Cinia and Far North Digital build Arctic sea cable

Source: Cinia / Raftel

The approximately 14 000 km cable system minimises communication delay and provides a new route between Europe and Asia

Cinia and American Far North Digital are setting up a joint project with the goal of building a cable system that connects European and Asian information networks through the Arctic Northwest Passage. Nokia-owned ASN (Alcatel Submarine Networks) is involved as the selected main designer of the system and implementation project.

Cinia, a provider of information network, cybersecurity and software solutions, and Far North Digital, an Alaska-based telecommunications and data center solutions project company, have signed a letter of intent to build a marine cable system. The sea cable leaves the Finnish-Norwegian border. It passes Iceland and Greenland along the Northwest Passage to the Canadian Arctic, Alaska and Japan. Another European landing site will be built in Ireland.

The approximately 14 000 km cable system minimises communication delay and provides a new route, thereby significantly speeding up and verifying data transfer between Asia and northern Europe.

Cinia improves Finland's digital competitiveness by developing international and national communications connections. In the past, Cinia has built a sea cable between Finland and Germany and has been weighing up different route options for a sea cable to Asia via the Arctic Sea for years. Until last spring, the route of the Northeast Passage was examined, but that project has now been suspended. Cinia sees the Northwest Passage route as very interesting and this cable system would also be able to serve regional needs in northern Europe and Canada.

"The need to increase capacity and the diversity of routes between Europe and Asia in international road networks is growing clearly. Far North Fiber, which connects three of the world's largest continents using the Internet, will be a real global project," says Ari-Jussi Knaapila, Ceo of Ciniä.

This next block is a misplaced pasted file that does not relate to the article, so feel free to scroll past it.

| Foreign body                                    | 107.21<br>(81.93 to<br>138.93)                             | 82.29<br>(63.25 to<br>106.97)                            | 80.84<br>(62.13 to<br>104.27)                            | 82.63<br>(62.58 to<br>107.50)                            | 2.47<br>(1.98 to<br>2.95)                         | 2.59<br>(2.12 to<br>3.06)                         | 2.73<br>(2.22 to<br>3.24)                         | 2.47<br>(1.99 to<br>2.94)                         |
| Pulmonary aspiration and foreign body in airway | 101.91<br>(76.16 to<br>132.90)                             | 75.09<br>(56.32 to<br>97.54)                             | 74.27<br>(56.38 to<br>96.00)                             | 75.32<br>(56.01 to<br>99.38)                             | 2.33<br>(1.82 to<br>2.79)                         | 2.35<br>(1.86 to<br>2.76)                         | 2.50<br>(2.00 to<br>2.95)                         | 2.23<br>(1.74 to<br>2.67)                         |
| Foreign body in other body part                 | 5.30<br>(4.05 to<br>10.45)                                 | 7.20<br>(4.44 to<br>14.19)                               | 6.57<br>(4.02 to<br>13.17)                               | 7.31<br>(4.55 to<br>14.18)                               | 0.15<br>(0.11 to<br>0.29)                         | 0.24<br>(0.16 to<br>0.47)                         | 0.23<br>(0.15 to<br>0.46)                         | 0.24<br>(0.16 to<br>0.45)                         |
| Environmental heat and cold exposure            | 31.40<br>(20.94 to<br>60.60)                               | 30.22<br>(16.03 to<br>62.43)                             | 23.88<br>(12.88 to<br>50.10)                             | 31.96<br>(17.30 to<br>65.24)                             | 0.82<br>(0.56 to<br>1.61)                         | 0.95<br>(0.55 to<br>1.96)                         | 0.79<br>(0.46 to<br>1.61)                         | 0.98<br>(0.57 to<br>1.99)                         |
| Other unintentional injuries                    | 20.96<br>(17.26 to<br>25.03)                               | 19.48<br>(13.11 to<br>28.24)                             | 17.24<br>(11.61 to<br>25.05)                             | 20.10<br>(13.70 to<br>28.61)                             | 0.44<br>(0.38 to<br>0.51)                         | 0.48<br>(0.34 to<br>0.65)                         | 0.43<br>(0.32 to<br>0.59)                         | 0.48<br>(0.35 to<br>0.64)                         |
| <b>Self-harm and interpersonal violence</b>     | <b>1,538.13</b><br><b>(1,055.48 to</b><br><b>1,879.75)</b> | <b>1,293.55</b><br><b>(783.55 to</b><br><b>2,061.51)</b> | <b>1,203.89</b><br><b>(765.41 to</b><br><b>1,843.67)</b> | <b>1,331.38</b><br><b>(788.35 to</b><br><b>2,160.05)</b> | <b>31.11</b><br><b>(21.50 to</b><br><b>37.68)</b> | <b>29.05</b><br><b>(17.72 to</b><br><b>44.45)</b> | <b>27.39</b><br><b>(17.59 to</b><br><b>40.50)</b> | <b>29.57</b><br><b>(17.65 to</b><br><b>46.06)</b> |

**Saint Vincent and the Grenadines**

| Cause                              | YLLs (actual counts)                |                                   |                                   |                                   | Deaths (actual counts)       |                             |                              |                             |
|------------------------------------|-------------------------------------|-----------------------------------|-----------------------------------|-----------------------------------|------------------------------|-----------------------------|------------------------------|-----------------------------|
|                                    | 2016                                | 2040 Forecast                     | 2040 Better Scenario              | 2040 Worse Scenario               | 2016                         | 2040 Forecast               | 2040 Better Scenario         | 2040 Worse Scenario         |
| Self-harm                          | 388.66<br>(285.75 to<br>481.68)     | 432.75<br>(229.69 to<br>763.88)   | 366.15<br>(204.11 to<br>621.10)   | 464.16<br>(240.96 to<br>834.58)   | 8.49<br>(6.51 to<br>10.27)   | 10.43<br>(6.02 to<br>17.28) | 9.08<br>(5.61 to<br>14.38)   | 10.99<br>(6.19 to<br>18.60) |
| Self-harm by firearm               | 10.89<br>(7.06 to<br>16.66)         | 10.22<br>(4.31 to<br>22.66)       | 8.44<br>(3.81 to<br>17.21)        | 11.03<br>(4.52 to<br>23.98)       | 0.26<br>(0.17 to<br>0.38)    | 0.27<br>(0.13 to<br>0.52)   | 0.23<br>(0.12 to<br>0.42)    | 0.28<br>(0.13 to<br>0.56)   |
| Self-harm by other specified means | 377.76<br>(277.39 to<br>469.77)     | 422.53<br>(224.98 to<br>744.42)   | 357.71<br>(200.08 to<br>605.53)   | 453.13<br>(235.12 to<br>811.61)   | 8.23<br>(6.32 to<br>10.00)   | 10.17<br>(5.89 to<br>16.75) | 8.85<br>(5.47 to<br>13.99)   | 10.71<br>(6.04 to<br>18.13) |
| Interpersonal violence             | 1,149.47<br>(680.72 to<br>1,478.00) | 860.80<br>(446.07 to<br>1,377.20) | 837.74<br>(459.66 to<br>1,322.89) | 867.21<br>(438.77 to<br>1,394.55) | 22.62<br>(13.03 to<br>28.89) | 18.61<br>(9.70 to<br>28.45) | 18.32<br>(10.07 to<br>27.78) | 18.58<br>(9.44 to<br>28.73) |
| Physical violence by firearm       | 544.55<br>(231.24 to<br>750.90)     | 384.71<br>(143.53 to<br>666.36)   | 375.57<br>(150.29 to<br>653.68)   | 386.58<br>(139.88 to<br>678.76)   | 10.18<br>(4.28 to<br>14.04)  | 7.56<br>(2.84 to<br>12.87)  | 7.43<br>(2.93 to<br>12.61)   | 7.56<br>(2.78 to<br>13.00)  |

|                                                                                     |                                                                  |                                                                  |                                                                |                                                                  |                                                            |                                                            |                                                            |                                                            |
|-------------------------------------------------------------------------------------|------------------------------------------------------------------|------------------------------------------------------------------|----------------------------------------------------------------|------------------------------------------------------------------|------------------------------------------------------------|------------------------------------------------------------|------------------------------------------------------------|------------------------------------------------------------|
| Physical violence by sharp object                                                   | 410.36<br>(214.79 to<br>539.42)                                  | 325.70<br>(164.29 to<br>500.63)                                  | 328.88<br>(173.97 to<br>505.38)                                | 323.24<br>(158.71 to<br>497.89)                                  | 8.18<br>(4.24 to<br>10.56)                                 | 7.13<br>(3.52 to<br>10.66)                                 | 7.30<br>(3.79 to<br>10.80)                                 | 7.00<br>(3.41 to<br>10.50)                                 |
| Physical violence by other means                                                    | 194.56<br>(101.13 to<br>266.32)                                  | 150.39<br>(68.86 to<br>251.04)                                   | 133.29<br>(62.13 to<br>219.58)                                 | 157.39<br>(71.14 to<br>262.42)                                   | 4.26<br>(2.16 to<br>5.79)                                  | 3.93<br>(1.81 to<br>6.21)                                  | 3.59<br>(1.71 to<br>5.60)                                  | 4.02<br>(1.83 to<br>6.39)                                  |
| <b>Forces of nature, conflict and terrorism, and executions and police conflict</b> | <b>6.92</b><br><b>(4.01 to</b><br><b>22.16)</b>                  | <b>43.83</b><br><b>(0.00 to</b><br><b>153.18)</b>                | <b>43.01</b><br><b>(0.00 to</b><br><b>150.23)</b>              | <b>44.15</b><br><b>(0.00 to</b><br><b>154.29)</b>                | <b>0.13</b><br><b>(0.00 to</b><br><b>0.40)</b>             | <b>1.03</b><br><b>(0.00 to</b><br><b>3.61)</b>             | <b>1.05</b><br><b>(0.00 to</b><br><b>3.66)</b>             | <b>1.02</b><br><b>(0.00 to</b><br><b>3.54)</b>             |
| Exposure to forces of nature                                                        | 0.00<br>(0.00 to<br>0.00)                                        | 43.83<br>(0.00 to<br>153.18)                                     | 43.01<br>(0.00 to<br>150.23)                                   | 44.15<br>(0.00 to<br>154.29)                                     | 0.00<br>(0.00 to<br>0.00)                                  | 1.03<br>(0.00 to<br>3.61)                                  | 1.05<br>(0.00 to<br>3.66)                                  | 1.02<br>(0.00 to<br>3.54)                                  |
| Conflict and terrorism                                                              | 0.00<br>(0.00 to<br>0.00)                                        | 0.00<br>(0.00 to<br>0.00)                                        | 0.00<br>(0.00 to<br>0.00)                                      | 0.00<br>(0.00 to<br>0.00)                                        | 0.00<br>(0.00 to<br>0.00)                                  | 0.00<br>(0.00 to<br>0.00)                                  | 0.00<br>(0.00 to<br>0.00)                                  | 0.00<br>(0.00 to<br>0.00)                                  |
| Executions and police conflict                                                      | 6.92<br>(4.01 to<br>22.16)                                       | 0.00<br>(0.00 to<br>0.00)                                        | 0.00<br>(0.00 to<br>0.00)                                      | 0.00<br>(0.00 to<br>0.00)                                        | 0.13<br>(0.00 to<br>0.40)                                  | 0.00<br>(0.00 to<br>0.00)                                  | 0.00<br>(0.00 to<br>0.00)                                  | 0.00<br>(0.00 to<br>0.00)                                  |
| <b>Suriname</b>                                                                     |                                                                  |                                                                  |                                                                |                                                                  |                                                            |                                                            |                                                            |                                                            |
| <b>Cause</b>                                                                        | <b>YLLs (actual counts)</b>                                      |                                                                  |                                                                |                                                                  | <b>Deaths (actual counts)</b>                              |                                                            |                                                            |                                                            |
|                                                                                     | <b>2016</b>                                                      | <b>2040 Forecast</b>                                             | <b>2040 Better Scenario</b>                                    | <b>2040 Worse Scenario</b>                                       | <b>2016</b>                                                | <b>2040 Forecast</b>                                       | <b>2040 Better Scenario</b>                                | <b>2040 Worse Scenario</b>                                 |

The Western North Atlantic route also offers considerable new benefits for the development of an intra-European information network. The two landings in Europe, which were planned for the new route, form a bone that has already been built from Finland to Germany, making connections even more reliable.

Far North Digital's Canadian subsidiary, True North Global Networks LP, is working with indigenous peoples in the region to build local branches in the Canadian Arctic. Better communications will create new opportunities for the region.

"The cable system improves and speeds up communication between peoples and develops the economy, educational opportunities and access to health care services for local residents and actors. It also provides an opportunity for the scientific community to conduct a new kind of research on climate change," says Guy Houser,Chief Technology Officer at Far North Digital .


In Asia, the landing point for cable systems is in Japan.

"The Arctic connection between Japan and northern Europe has long been a shared passion between Japan and Cin iany, as the diversity of international connections is vital for the island nation. Prime Minister Kishida has recently announced a new digitalisation vision that includes a plan to build new cable landings in a decentralised manner across the island nation. According to my long-standing plan, Hokkaido would form a natural gate to the north and east is now coming true. I am very excited to be part of the Far North Fiber project," says Jun Murai, professor at Keio University and special adviser to the Japanese Prime Minister.

The cable system is expected to be commissioned by the end of 2025. The estimated cost of the project is approximately EUR 1 billion.